White Mass

Joining Bishop John Noonan to concelebrate the White Mass were clergy from throughout the U.S., including Bishop James Conley of the Diocese of Lincoln, Nebraska. He is CMA's Episcopal Advisor. 

Orlando  |  Catholic medical professionals from around the country shared the joy of their faith and profession by celebrating the White Mass with Bishop John Noonan at Basilica of the National Shrine of Mary, Queen of the Universe, Oct. 9, 2021.

The White Mass takes place each year, recognizing the ministry of those who protect life and care for the ill and dying. Culminating the Catholic Medical Association Conference, Oct. 7-9, they celebrated the Joy of Medicine, the conference’s theme, by coming together as one around the Eucharist.

“The Eucharist gives us what we need to know: All things are possible for God because we are His people and we’ve come to serve Him,” Bishop Noonan said in his homily. “We serve each person as part of the body of Christ.”

He said Catholic medical professionals live the Beatitudes. “You provide service to the poor for you are the merciful to those you encounter every day. You minister to and pray for women in crisis pregnancies because you bring God’s compassion to them. You hold the hand of the dying because they are sacred. You embrace the parents of a sick child with patience and encouragement. Your patience shines forth as the gift of joy each time you offer your medical knowledge as an instrument of God.”

Due to COVID-19, they were unable to meet last year, which made the gathering even more special. Dr. John Littell, a family practitioner, was thankful for the conference and the Mass.

“The healing encounter requires the physical touch, the physical presence of one person with another,” he said. “And that’s true among healers. We need to have our own healing. When we’re together as a body of Christ in one setting, the Holy Spirit can do His thing in a way you can never hope to achieve on a Zoom call or webinar.”

Dr. Littell, who has been practicing for 31 years, said when he discovered the Catholic Medical Association, it helped transform his “approach” to medicine, and his life as “a married man and as a father.”

UCF medical students attending the Catholic Medical Association Conference

UCF medical students attending the Catholic Medical Association Conference in Orlando join in celebration of the White Mass, Oct. 9 at Basilica of the National Shrine of Mary, Queen of the Universe. 

“It made me realize how essential my faith is to be the person that I am in every aspect of my life – because you cannot separate who you are as a Catholic person from the work that you do because your work needs to be Catholic to the core,” he said. “The medical profession above all needs to be Catholic because it is a healing ministry.”

Although he recently finds himself feeling as though “these are the Dark Ages of medicine,” he knows a physician can remain joyful “when going back to their roots, their religious traditions.” He said physicans must ask God how to heal the patient in front of them and then treat them according to their conscience as a Catholic. He finds gratitude each day for being able to do this as an independent doctor with his own practice.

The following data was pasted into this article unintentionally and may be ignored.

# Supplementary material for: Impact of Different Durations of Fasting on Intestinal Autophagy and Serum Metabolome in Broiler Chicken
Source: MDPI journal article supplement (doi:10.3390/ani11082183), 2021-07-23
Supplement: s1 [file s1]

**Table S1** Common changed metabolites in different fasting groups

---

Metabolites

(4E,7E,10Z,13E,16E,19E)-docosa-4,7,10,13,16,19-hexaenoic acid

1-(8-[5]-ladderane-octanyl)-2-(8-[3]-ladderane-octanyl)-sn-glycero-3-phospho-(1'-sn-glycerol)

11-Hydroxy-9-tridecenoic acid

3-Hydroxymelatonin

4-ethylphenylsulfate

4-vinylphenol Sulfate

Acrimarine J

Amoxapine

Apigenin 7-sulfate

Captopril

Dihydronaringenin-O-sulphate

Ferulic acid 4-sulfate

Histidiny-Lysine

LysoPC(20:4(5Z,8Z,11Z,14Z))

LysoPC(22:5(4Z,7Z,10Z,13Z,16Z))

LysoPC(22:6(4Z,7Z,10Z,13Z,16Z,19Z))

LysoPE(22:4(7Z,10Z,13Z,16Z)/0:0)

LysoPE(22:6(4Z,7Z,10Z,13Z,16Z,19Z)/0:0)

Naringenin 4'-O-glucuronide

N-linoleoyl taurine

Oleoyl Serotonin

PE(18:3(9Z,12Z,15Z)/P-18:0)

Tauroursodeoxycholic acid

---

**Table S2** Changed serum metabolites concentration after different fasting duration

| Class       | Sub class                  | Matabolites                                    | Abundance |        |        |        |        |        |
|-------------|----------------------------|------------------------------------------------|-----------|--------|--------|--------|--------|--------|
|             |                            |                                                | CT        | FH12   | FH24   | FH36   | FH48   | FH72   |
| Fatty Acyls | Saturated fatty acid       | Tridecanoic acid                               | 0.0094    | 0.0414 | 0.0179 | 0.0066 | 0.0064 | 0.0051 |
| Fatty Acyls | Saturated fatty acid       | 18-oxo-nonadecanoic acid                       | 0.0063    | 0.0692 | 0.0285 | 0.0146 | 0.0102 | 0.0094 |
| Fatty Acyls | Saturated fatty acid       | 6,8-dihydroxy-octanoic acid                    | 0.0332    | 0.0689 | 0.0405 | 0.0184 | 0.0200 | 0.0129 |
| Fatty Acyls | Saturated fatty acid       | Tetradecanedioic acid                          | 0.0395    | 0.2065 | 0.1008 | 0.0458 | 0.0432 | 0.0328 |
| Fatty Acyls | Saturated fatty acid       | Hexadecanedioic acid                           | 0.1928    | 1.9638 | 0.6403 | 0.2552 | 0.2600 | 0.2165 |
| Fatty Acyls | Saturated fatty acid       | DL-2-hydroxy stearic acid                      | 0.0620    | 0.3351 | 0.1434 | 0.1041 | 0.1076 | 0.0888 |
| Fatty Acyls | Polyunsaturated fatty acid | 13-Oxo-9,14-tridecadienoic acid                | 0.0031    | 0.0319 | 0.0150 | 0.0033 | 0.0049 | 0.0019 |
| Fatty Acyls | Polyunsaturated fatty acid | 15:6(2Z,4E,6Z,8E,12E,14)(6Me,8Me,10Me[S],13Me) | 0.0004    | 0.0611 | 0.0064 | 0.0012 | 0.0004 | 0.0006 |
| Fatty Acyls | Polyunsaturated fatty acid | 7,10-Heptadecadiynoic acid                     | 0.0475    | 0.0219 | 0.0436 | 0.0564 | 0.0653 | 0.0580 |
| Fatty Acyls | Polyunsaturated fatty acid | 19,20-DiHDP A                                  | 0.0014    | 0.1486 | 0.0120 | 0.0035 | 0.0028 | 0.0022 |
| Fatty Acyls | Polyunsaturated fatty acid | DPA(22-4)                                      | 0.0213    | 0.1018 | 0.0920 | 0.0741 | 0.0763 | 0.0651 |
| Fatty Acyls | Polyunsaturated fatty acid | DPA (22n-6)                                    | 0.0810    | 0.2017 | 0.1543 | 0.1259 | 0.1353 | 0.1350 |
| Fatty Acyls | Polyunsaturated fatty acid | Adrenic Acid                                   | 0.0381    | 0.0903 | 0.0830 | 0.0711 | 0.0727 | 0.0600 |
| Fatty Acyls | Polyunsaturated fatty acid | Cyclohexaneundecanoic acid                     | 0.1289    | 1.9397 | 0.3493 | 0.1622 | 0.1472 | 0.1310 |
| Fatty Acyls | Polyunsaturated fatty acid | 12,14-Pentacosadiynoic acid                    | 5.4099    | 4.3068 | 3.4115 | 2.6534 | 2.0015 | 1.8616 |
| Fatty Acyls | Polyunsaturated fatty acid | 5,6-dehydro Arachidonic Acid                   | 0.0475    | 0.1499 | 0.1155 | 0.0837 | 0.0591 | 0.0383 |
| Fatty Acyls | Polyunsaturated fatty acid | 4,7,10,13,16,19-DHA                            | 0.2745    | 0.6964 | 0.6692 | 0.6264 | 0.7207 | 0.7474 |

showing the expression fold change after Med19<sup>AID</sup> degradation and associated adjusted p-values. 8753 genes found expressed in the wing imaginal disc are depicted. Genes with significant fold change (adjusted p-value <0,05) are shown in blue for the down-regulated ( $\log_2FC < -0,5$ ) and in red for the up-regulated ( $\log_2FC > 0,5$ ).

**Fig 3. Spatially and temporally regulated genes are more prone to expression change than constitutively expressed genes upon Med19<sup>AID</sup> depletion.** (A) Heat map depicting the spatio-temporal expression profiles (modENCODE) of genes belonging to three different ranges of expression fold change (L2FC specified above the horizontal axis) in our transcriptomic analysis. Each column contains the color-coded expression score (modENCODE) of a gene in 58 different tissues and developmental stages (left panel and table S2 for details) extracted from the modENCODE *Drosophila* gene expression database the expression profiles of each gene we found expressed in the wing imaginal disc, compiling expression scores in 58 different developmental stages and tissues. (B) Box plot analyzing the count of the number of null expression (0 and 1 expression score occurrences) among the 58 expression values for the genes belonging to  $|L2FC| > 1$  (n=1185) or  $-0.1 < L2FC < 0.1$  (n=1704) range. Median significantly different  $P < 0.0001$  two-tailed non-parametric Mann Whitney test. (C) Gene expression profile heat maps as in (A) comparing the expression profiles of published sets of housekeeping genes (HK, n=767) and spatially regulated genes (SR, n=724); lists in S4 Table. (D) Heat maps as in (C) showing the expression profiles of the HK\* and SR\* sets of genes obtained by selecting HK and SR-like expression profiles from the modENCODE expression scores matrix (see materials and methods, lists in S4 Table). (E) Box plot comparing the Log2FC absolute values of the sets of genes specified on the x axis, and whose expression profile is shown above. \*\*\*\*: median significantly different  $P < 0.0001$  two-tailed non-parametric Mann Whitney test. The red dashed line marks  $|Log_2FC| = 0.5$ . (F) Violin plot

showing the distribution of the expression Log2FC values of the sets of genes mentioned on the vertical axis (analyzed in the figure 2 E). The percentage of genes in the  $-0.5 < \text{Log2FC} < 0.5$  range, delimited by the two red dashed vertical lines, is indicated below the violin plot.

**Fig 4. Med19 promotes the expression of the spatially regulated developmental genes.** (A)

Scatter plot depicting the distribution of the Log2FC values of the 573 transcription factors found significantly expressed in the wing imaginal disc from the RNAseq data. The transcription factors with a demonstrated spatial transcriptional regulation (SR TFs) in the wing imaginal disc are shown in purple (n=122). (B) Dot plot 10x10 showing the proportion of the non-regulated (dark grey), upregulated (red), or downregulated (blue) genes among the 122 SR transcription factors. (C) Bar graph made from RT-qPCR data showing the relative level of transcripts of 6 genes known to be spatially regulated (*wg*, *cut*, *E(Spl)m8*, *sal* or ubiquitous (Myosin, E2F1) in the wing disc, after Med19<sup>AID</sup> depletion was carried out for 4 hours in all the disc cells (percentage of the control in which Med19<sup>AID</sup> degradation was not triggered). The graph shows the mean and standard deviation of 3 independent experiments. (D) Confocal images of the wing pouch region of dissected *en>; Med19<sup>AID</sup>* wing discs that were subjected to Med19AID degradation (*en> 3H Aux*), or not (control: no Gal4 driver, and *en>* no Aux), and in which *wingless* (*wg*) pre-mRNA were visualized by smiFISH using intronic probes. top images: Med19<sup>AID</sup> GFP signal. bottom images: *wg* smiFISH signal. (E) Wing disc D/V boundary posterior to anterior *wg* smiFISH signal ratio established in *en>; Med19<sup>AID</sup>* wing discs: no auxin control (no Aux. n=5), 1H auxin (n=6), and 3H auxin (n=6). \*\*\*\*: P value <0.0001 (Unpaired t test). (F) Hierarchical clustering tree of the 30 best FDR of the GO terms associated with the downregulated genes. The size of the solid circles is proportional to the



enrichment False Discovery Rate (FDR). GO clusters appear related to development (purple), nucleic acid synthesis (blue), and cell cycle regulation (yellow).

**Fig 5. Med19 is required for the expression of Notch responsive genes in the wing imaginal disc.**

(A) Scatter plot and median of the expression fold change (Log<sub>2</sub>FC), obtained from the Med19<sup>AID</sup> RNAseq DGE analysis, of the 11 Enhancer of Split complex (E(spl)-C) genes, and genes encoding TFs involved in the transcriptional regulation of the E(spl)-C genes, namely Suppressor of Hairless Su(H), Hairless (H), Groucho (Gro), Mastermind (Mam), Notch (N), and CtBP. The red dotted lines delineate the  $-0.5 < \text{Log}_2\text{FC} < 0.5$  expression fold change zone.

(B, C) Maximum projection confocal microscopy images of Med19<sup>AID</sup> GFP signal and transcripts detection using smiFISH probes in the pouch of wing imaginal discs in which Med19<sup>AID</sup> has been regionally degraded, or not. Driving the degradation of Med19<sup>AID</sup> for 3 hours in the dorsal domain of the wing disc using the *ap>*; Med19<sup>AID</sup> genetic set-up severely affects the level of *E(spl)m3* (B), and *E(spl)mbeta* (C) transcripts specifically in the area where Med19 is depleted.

Jeff Simpson and Kailee Hernandez, medical students at the University of Central Florida, enjoyed meeting classmates in person and sharing discussions with like-minded professionals. Their Orlando chapter was able to do little during the first year of the pandemic, which was already in full swing when they began. Simpson said he sought out the Orlando Catholic Medical Association to “find people who shared my faith and my passion for medicine.”

“In the aspect of actual content delivery, (school) was easier because the lectures were made to be online earlier and they were more available to us,” Simpson said, adding they missed out on social activities, learning physical exam skills, and getting to the simulation center to practice more hands-on techniques.

For Hernandez, who had been away from the Church for a while, the Catholic Medical Association offered something else. She found Catholicism again after starting medical school.

“I came to medical school and there are just a lot of ethical problems and so many things you have to decipher, so much responsibility you have as a physician — and I don’t really know what’s the right thing or how you decide what’s the right thing,” she said. “I knew this was going to be a really good foundation to base my practice on as a physician.”

Entering the medical field during an unusually tumultuous time — a pandemic, increased abortions, and issues surrounding transgender surgery and euthanasia to name a few, one might think that joy in their profession is hard to find.

“Things are constantly changing. That was okay yesterday, but it’s wrong tomorrow,” Hernandez said. “When you ground yourself in faith, you can say, this is always a truth and what I am always going to believe – even though things are changing around me – I stand my ground on what I believe.”

Simpson added differences of opinion and approach are, “a great opportunity to exercise Catholic charity and love.”

“I think your faith helps center you and gives you objective truth which can be so hard to find these days. It’s nice to feel confident in that,” he said.

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